Utility Week

UTILITY Week 20th June 2014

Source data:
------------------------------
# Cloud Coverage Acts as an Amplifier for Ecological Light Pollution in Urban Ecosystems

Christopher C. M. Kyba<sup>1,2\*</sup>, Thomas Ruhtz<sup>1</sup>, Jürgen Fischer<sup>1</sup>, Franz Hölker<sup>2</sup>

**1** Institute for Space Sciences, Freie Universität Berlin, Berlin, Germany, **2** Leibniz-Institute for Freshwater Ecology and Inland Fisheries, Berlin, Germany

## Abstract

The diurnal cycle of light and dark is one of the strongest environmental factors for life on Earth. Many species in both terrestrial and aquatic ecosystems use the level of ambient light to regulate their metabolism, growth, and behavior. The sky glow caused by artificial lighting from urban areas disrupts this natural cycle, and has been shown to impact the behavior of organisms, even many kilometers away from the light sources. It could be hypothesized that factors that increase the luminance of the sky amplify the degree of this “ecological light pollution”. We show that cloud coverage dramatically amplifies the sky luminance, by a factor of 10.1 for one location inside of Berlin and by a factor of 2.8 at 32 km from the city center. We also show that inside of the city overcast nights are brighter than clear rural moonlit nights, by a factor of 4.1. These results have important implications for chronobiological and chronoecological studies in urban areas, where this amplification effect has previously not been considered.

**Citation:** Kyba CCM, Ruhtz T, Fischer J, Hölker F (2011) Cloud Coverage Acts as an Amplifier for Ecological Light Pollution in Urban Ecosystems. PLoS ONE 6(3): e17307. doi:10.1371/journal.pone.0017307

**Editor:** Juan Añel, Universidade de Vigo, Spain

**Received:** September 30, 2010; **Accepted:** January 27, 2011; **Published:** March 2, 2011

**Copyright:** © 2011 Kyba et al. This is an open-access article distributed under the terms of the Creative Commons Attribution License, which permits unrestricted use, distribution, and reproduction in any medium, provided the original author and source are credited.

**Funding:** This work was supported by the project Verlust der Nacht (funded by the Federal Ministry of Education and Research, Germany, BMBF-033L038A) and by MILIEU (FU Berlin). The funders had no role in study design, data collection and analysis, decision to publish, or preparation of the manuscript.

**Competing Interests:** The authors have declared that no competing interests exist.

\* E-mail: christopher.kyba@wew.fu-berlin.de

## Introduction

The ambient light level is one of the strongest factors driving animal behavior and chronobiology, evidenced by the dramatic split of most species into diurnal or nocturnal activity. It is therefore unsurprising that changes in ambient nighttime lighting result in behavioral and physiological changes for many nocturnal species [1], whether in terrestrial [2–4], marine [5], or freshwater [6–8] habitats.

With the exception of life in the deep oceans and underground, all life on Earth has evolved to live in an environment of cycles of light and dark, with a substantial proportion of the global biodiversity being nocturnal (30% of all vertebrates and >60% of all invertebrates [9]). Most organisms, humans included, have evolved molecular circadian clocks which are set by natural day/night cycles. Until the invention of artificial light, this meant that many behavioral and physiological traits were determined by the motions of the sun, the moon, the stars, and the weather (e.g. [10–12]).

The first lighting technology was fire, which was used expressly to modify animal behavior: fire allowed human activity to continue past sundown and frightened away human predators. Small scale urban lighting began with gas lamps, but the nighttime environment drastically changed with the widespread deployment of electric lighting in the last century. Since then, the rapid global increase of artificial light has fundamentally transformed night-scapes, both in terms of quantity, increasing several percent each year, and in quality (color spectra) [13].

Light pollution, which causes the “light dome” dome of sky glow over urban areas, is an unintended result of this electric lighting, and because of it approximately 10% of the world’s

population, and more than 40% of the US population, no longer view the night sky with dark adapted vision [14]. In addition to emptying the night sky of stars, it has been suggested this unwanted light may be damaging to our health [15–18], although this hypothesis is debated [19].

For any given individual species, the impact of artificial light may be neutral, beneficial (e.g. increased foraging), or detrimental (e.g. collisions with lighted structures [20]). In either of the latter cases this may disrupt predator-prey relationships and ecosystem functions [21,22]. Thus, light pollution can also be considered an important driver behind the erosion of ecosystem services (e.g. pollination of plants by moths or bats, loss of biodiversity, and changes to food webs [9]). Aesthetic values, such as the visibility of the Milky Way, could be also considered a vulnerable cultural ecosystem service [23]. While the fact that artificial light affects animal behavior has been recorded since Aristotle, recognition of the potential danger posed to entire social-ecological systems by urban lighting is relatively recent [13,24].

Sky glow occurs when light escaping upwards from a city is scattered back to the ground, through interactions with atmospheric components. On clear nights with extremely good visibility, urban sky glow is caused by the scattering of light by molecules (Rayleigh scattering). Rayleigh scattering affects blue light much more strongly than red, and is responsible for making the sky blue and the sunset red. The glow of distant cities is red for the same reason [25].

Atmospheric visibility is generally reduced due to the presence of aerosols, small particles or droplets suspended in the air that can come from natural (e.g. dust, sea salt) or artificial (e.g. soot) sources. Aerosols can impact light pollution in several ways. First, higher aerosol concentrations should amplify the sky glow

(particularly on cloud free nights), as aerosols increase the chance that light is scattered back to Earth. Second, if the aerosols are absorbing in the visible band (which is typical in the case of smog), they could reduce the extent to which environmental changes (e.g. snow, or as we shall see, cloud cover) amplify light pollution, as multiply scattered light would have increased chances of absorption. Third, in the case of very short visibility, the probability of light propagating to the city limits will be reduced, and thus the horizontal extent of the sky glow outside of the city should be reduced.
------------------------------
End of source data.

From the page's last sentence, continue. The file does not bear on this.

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compensation when they breach them, and better support vulnerable customers. But the clincher is price. Most offer to reduce prices. ENWL's offer is representative: "We are reducing our average prices by 16 per cent compared to DPCR5, delivering the benefits of RIIO-ED1 early by not having to increase our prices for domestic customers in 2014/15 and kick-starting RIIO-ED1 with a price reduction of 18 per cent in 2015/16." A great deal, right? The first thing Haggle Hero would look at is the process of RIIO- ED1: how well have we haggled? Although the key interaction for RIIO-ED1 is a bilateral one between Ofgem and the net- works, the extent to which there is broader public engagement in the process will influ- ence the outcome. Unfortunately, price con- trol processes tend to fly under the radar, and RIIO-ED1 has been no exception. It is remarkable that with energy pric- ing such a hot political potato, a process that will lock in tens of billions of pounds of investment and costs over the eight years 2015-23 has received so little public attention. This shouldn't surprise us. It's a feature of our disaggregated energy system, where generation, transmission, distribution and supply operate as separate businesses, that public commentary tends to focus on the last link in the chain, the suppliers. The absence of media coverage of the process wouldn't necessarily be a problem if there was strong engagement by others. But this is mixed at best. Only two suppliers responded to the Energy and Climate Change Committee's recent call for evidence on net- work costs. Why? At least in part it's because network price controls are as impenetrable to suppliers as they are to the rest of us. 6 | 20th - 26th June 2014 | utILItY WeeK Comment R eviewing the latest set of business plans submitted by the electricity dis- tribution network operators for the RIIO-ED1 price control, I was reminded of a MoneySuperMarket.Com advertisement fea- turing "Haggle Hero", played by comedian Omid Djalili. It goes like this. Woman on phone at work: "It's just very expensive, but I suppose if that's your best quote than Iā€¦' Haggle Hero: [interrupting] "No, no, no you people can't haggle for toffee, give me that!" [snatches phone from woman] Woman: [taken aback, hands over phone] Haggle Hero: [yelling down phone line] "It's a hatchback not a limousine, she's not paying that, you're having a laugh! [covering phone and speaking to woman] "You don't have to worry about hurting his feelings, he's a professional." It's easy to lose sight of what is at stake in regulatory prices control processes like RIIO-ED1. These nego- tiations between companies and regu- lator take place over years and involve thousands of pages of documents going back and forth. For example, UKPN's business plan consists of nearly 200 separate documents ā€“ documents, not pages. But at its heart, this is no different than the interaction between buyer and seller for the hatchback in the advertisement. So, are we being offered the product or service we need? Is the price fair? What would the Haggle Hero make of the latest set of network business plans? How confident would he be of us extracting a good deal? Or are we being sold a hatchback for limousine prices? The networks' pitch is clear: consumers stand to benefit both in prices and quality of service during the eight years from 2015. They promise to make big new investments in their assets, not only to cater for load growth and to deliver improvements in reli- ability and safety, but also to make the net- work "smarter". They also commit to meet tighter interruption standards, pay more Who's haggling for customers? The DNOs are presenting RIIO-ED1 as a tough price settlement, but have consumers really got a good deal? Or are they being asked to pay top dollar for business as usual. Chris Alexander has his doubts. Blog spot Chris Alexander, policy manager, Citizens Advice Ofgem's latest call for input on the networks' business plans only yielded 16 submissions. Because of the length and complexity of the plans, it's a real challenge for interested par- ties to get to grips with the them. The networks will argue, not without justification, that they have gone to great lengths to present their business plans in a way that describes the key features in a clear and straightforward way. But when the net- works continue to bury critical information about consumer impacts in the dark recesses of their plans, or present it prominently but in a way that can give the wrong impression of what it really means, you can't help but be a little cynical. Missing from the executive summaries of the plans is a clear explanation of the impact of the new depreciation rules Ofgem has introduced for RIIO- ED1. Because networks can now recoup their costs over 45 years rather than the former 25 years, it means prices can be cut in the short term, but only at the expense of higher prices later. So a big part of the decline in prices that the net- works are offering isn't the result of a dramatic improvement in efficiency, it's an incident of an accounting change. But our biggest gripe is the lack of clarity on the total revenue the networks will collect over the life of RIIO-ED1. While much of the discussion about returns centres on the 6.0 per cent allowed rate of return on equity set by Ofgem, if the various incentives that are available to the networks are added to the pot, this number could double. To be fair, the networks are also subject to penalties that could mean they earn less than 6.0 per cent. But what you don't get from the business plans is a sense of the probability distribu- tion of these returns. If the curve is skewed towards the upper end of returns ā€“ if 6 per cent isn't the real midpoint ā€“ then this needs to be made absolutely clear to consumers. There's no way Haggle Hero would let us sign off on RIIO-ED1 until the networks answer these questions. And neither should Ofgem. "The networks continue to bury critical information about consumer impacts in the dark recesses of their plans"